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Bulletin | The HR Space

Random Alcohol or Drug Testing: When an Employer’s Rights Infringe an Employee’s Right to Privacy and Integrity

Fasken
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Labour, Employment & Human Rights Bulletin | HR Space

The validity of drug testing in the workplace has been the subject of extensive case law over the last several years. Generally unilaterally implemented random drug testing in a unionized workplace has been found to be impermissible except in very limited circumstances, including where there is a demonstrated drug use problem in a dangerous workplace or other “extreme circumstances”. Those cases have also emphasized that a union and employer are able to negotiate drug testing policies applicable to employees.  A recent decision from a Quebec arbitration tribunal[1] discusses the importance of freely negotiated policies in justifying an employer imposing random testing.

What Happened?

The arbitration tribunal was asked to hear a grievance contesting the dismissal of the grievor, a seaman, from a company with a fleet of ships. In May 2018, the grievor had boarded a oil tanker docked in Montreal for a few days before heading to the UK with a cargo of oil. During the layover, drug testing was carried out without prior notice to the grievor. It was noted during the hearing that a policy, incorporated by reference into the collective agreement, was implemented in the workplace. The policy expressly provided that testing would be carried out in a random manner and without notice.

The grievor was dismissed after he failed the test. The union contested the decision and filed a grievance.

The Decision

The main issues were whether requiring the grievor to undergo random screening unlawfully infringed his right to privacy and whether his dismissal was justified.

The union’s position was that only the situations identified by the Supreme Court of Canada in Irving[2] regarding screening tests could constitute a reasonable limit to the grievor’s fundamental rights.

The arbitrator dismissed the union’s argument by stating that in the Irving case, the Supreme Court of Canada limited itself to ruling on the validity of an employer’s policy that had not been negotiated between the parties. An arbitrator should give special consideration to what the parties have freely negotiated. In the case at hand, the union had consented to the employer’s policy, which was incorporated into the collective agreement.

The employer justified the screening tests based on the fact that the company was contractually bound to the oil companies and had numerous environmental protection obligations. The ships were in fact transporting large quantities of oil and fuel, and environmental risks existed. Further, the employer had to satisfy its health and safety obligations to all of its employees, such as in terms of the ever-present risk of fire on the vessel. Based on the evidence, the arbitrator found that the work of a seaman involved serious risks to their health and safety.

The arbitrator also found that the employer’s concerns about the possible seizure of its vessels for transporting drugs were well-founded. On this issue, the arbitrator found that in the field of navigation, and especially when it involves oil tankers, constitutes extreme circumstances that may justify implementing a random alcohol or drug testing policy, even if such policies infringe the fundamental rights of employees. The employer had to ensure in advance that all crew members are able to respond quickly in the case of an emergency, and could not take any risk in this respect. Further, the employer’s objective to deter the consumption of alcohol or drugs could not be achieved if the testing was not carried out at random. For all of these reasons and especially, as the arbitrator noted, given that the union agreed with the random screening policy, the infringement of the grievor’s fundamental rights was justified.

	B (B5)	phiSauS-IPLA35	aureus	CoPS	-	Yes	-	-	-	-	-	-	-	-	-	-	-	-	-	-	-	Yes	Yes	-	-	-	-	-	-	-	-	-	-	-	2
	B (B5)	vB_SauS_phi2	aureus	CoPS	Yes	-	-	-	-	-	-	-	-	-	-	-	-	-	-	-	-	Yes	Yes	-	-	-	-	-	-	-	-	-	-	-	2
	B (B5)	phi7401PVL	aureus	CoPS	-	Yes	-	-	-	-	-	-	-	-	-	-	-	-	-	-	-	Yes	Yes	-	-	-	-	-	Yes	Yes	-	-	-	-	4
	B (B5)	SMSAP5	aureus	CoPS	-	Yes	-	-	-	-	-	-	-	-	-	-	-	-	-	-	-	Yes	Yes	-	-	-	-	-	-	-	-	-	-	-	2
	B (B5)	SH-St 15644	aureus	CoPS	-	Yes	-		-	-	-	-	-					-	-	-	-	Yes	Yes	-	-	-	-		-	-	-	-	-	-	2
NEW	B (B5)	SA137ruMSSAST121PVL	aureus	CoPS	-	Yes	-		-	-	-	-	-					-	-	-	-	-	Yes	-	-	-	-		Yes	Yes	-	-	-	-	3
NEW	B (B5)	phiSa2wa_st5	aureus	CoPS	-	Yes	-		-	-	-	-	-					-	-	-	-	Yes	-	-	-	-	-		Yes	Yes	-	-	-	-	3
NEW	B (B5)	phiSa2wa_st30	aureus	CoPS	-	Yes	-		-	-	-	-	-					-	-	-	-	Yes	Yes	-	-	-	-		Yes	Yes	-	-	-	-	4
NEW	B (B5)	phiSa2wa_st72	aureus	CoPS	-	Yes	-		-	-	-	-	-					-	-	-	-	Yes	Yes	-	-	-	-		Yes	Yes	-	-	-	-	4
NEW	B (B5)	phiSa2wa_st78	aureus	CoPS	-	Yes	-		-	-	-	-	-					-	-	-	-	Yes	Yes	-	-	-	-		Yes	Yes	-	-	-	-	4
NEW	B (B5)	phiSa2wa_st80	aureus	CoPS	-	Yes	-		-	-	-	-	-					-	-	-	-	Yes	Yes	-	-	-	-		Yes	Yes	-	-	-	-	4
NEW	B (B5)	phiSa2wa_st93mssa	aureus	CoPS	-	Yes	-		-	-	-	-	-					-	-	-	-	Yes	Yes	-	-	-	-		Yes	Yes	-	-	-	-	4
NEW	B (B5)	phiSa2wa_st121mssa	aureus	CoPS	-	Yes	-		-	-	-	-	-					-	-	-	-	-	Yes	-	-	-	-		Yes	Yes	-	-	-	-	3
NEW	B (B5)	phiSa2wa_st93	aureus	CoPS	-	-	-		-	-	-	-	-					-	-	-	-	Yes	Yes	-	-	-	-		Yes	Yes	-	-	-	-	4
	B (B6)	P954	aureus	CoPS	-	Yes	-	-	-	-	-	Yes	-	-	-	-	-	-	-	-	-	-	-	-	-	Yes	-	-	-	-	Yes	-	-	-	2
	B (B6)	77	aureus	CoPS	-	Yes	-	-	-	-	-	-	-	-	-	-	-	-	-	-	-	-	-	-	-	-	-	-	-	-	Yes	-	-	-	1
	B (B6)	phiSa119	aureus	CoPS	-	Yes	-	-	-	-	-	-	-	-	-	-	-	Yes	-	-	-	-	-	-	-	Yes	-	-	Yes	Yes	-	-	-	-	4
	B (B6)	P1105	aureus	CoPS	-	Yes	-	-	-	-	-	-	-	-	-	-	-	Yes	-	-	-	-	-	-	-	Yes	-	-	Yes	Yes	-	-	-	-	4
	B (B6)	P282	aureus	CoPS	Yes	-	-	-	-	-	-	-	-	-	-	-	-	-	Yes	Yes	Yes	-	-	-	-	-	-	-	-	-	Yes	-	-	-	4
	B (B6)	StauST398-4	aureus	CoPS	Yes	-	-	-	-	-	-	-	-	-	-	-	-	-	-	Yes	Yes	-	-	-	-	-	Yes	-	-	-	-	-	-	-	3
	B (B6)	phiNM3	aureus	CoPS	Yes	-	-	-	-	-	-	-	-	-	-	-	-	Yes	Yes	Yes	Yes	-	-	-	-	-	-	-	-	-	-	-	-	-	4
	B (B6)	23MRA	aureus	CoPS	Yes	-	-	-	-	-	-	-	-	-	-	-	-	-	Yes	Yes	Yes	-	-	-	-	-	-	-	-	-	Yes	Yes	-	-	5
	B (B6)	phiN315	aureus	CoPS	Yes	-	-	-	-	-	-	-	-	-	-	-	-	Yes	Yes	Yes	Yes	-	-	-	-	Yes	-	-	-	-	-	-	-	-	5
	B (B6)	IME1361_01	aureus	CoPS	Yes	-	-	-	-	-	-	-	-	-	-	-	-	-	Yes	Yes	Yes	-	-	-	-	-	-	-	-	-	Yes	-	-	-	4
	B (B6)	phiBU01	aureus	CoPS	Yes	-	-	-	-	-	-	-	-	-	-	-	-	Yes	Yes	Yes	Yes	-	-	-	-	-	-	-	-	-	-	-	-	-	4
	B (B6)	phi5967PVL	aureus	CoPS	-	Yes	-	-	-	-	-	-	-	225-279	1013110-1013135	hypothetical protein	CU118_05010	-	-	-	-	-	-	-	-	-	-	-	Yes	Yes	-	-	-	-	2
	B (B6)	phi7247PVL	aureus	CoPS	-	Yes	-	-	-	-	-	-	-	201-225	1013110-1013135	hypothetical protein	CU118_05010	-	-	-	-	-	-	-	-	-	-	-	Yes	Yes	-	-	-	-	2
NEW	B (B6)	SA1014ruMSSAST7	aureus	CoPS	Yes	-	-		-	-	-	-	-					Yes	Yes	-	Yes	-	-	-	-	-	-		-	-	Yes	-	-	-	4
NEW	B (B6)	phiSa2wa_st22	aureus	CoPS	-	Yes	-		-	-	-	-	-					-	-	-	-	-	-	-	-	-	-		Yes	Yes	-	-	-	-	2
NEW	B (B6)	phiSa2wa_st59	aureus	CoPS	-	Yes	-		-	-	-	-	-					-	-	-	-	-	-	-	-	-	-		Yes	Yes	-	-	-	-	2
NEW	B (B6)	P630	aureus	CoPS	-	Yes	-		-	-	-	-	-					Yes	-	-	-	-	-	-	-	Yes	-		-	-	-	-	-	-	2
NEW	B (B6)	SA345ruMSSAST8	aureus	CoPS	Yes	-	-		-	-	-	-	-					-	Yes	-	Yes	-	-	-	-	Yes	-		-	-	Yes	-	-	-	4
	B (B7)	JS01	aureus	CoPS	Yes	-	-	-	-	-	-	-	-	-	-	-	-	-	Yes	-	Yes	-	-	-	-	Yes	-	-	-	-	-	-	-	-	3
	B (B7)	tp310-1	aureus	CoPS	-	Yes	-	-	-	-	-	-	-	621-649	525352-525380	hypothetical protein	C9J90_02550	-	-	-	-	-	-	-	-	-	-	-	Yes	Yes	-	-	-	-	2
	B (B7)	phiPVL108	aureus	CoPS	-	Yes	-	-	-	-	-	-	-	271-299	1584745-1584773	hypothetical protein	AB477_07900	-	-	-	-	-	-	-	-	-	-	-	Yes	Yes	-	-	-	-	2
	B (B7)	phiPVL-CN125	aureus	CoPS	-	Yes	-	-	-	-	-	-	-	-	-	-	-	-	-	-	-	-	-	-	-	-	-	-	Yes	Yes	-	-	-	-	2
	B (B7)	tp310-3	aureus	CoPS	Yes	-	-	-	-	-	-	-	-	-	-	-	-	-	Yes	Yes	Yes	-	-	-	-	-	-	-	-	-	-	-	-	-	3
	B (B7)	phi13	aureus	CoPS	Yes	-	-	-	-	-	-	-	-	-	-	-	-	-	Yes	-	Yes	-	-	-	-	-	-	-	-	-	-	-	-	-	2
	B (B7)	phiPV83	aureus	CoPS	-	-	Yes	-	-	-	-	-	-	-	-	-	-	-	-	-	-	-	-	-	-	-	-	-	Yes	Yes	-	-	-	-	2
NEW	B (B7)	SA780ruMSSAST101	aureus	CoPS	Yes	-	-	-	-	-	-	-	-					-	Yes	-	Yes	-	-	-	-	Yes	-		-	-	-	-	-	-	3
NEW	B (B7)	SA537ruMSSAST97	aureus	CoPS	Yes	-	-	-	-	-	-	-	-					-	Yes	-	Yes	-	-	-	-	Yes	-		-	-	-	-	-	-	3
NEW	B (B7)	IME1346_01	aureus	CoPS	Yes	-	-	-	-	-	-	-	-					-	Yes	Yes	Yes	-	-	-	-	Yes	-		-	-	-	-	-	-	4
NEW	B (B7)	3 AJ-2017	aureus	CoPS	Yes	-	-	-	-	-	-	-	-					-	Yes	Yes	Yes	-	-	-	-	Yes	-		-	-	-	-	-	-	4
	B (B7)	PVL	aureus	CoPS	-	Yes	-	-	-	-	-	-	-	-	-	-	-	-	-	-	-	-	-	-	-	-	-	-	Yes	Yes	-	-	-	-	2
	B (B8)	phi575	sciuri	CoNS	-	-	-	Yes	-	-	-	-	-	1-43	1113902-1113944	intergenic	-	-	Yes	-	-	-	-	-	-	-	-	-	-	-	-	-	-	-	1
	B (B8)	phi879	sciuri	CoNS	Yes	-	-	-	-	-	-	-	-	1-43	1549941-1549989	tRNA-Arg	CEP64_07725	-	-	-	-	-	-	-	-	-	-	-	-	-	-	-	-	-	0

As for the grievor’s dismissal, given that the collective agreement provided that any breach due to testing positive on a random screening test would result in immediate dismissal, it appeared clear that the parties had agreed not to apply the usual principle of progressive discipline. The arbitrator denied the grievance and upheld the employer’s decision to dismiss the grievor.

Takeaway

This arbitration tribunal decision must not be interpreted by employers as giving them the right to put in place random testing across the board. It nevertheless shows that arbitration tribunals may be willing to uphold a random testing policies in limited circumstances where the employer and union have negotiated and agreed to it as part of the collective agreement. Even if a policy is upheld, employers must still be mindful of their accommodation obligations under human rights legislation, which may be triggered by a positive test result after a test under an enforceable policy.

If you have questions about drug and alcohol testing, please contact the author or your regular Fasken lawyer.

 


[1]      Syndicat international des marins canadiens et Desgagnés Marine St-Laurent inc. (Michael Frégeau), 2020 QCTA 271.

[2]      Communications, Energy and Paperworkers Union of Canada, Local 300 v. Irving Pulp & Papier, Ltd, 2013 SCC 34.

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